SHREVEPORT, La. (KSLA) - Louisiana Governor John Bel Edwards announced on Thursday, Nov. 19, that the state is now in the third wave of the COVID-19 pandemic.
Governor Edwards has said all along that imposing new restrictions is a last resort to fight off the deadly virus yet again.
It has already been a rollercoaster ride of ups and downs in Louisiana in 2020, amidst the slow reopening of the state’s economy.
So the possibility of reverting back to Phase II is a big blow to business owners, some of whom hoped the worst was behind us. Now they could have to find a way to survive a shutdown yet again.
With this in mind, we paid a visit to three local business owners who we have followed through this pandemic.
Just two months ago, back in September, Tim Huck - along with thousands of local business owners - anxiously awaited the end of Phase II and start of Phase III in reopening Louisiana’s economy.
As the owner of the Sandbar nightclub in downtown Shreveport and Notini’s Restaurant in Bossier City, he barely made it through the months-long financial hardship.
“It had me really scared. We were close to, you know, just calling the landlord and just saying, ‘I’m done. I cant do it anymore. Turn in the keys,” said Huck.
So, when Huck hears about a potential return to Phase II, it’s easy to understand his reaction.
“First thing I think is, we’re not going to come out of it,” he said, and those fears echo throughout the area.
At Maxwell’s Market on Line Avenue, their troubles have come in waves; first, a meat shortage in April, followed by the mask mandate in July and now there are growing fears of having to fall back to Phase II.
Now back to a new normal of sorts, owner Ross Barclay told us during our visit Thursday afternoon that regardless of what reopening phase we find ourselves in after the holidays, right now his focus is squarely on the holiday season itself, which he describes as more critical than ever.
“Oh yeah. Every small business on earth counts on a good holiday. That’s really what makes us to be able to stay open for the rest of the year,” said Barclay.
Our third and final stop of the day took us back to Shaver’s Crawfish & Catering on Youree Drive in Shreveport. It is another example of a business forced to adapt very quickly to survive, especially when the bottom fell out of the crawfish market back in April.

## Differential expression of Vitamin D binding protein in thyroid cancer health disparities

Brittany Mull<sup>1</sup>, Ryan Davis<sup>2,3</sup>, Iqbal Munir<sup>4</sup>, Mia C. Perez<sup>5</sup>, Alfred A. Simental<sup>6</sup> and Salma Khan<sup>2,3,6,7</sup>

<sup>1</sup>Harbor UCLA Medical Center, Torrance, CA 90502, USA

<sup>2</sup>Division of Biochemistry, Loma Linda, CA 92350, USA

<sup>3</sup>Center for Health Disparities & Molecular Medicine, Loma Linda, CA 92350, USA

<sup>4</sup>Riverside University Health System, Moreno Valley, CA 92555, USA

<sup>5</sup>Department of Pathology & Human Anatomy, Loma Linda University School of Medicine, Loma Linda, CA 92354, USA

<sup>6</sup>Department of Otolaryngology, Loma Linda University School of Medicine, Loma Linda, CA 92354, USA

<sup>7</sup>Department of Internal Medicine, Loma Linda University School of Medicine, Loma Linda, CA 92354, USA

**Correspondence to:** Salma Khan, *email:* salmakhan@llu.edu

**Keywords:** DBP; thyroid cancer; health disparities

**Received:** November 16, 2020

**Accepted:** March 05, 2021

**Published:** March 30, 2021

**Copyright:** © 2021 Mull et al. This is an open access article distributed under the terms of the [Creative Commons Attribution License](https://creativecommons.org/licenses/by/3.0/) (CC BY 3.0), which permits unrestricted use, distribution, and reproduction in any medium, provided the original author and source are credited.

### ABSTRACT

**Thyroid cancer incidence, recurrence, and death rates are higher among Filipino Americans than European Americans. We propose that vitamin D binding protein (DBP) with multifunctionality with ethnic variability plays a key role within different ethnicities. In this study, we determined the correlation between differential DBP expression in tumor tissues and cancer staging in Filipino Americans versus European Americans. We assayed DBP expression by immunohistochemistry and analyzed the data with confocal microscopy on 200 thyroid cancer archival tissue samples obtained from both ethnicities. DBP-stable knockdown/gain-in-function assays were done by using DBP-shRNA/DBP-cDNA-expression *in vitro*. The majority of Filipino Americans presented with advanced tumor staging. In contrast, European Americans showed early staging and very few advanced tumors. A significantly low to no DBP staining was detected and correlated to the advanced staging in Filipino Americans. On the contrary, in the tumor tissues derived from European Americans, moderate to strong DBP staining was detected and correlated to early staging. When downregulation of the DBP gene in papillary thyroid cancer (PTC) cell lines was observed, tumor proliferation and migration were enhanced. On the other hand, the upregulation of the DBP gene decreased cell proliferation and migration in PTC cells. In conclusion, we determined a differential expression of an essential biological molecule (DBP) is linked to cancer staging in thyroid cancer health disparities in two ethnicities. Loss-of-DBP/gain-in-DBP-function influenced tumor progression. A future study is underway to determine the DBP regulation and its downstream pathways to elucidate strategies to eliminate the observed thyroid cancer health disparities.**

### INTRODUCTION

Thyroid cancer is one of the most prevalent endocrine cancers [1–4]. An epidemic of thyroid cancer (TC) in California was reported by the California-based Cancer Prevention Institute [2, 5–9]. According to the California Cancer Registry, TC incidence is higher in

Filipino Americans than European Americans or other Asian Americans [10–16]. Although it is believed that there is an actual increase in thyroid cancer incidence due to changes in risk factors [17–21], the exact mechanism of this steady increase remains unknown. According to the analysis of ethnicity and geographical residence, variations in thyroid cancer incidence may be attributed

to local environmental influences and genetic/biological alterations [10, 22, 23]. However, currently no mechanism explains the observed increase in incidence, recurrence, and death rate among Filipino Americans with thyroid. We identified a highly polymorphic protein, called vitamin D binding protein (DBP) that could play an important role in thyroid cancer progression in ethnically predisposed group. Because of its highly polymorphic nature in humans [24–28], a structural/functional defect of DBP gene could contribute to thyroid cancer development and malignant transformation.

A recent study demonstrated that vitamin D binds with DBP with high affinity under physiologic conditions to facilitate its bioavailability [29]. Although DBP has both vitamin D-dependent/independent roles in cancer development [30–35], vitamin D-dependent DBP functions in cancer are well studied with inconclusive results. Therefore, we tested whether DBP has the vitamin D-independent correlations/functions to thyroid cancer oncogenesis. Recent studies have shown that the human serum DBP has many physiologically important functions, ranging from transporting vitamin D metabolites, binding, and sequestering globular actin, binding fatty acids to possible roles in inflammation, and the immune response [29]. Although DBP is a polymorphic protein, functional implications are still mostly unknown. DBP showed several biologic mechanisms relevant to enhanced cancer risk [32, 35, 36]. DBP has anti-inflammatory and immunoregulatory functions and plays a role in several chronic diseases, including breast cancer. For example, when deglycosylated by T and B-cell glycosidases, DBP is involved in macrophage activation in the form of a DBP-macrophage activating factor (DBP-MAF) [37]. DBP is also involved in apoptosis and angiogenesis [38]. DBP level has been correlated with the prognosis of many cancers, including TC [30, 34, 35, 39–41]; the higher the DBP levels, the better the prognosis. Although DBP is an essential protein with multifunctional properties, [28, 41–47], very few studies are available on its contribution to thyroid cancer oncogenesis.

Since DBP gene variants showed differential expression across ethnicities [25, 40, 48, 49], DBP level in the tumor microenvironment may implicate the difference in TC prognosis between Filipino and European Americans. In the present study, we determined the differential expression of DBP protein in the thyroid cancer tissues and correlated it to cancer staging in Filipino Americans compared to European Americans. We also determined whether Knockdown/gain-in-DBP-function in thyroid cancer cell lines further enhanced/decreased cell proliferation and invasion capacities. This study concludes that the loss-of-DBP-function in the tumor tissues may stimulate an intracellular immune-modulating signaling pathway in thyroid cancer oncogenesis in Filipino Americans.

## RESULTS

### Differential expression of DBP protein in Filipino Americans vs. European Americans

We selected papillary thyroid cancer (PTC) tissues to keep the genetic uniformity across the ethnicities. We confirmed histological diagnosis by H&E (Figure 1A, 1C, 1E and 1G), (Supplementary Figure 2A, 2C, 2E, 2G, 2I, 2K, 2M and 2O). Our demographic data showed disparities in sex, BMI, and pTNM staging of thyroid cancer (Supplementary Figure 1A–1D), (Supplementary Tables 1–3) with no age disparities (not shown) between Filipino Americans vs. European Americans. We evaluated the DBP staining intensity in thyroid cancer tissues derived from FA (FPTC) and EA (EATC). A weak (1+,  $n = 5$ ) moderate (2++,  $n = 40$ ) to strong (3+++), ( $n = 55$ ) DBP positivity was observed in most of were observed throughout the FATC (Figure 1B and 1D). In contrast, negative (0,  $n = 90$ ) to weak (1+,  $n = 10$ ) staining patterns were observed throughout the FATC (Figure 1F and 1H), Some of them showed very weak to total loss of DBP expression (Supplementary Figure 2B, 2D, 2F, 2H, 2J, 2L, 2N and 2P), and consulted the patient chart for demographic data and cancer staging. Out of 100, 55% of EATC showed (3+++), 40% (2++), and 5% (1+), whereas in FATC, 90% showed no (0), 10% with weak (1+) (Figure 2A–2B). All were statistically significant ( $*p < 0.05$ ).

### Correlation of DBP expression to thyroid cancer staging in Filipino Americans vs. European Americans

Owner Chuck Sartori recalls his first reaction to hearing the possibility of returning to Phase II, as he began with a grin and laugh.
“It scares me to death! You know, here we are, no matter what we’re still way off on revenue.”
When it comes to businesses that survive tough times you sometimes hear a play on words with Charles Darwin’s ‘survival of the fittest,’ at least financially.
When the pandemic arrived in Shreveport, and the economy was shut down, Sartori explains they had to adapt quickly or potentially suffer the same fate as all-too-many businesses at the time, most of which he says ultimately perished.
“It’s tough. You know. You look around town and look at the people that hadn’t made it the first session. And yeah, it’s going to be devastating,” said Sartori.
Back at the Sandbar before its opening, Huck said he’s seen the financial hardships and the consequences of losing a business all-too-often.
“I’ve seen it in the worst possible case scenario, three times now since COVID; that people just couldn’t mentally handle what they were going through,” said Huck.
Huck says one of the people they lost this way was an extended family member.
“And then I’ve seen quite a few that have turned to substances. Some that have gone to doctors and some that have gone other ways,” he said.
The CDC is closely monitoring this aspect of the COVID crisis, as well.
They say that during late June, for example, 40 percent of U.S. adults reported struggling with mental health or substance use, and 11 percent seriously considered suicide.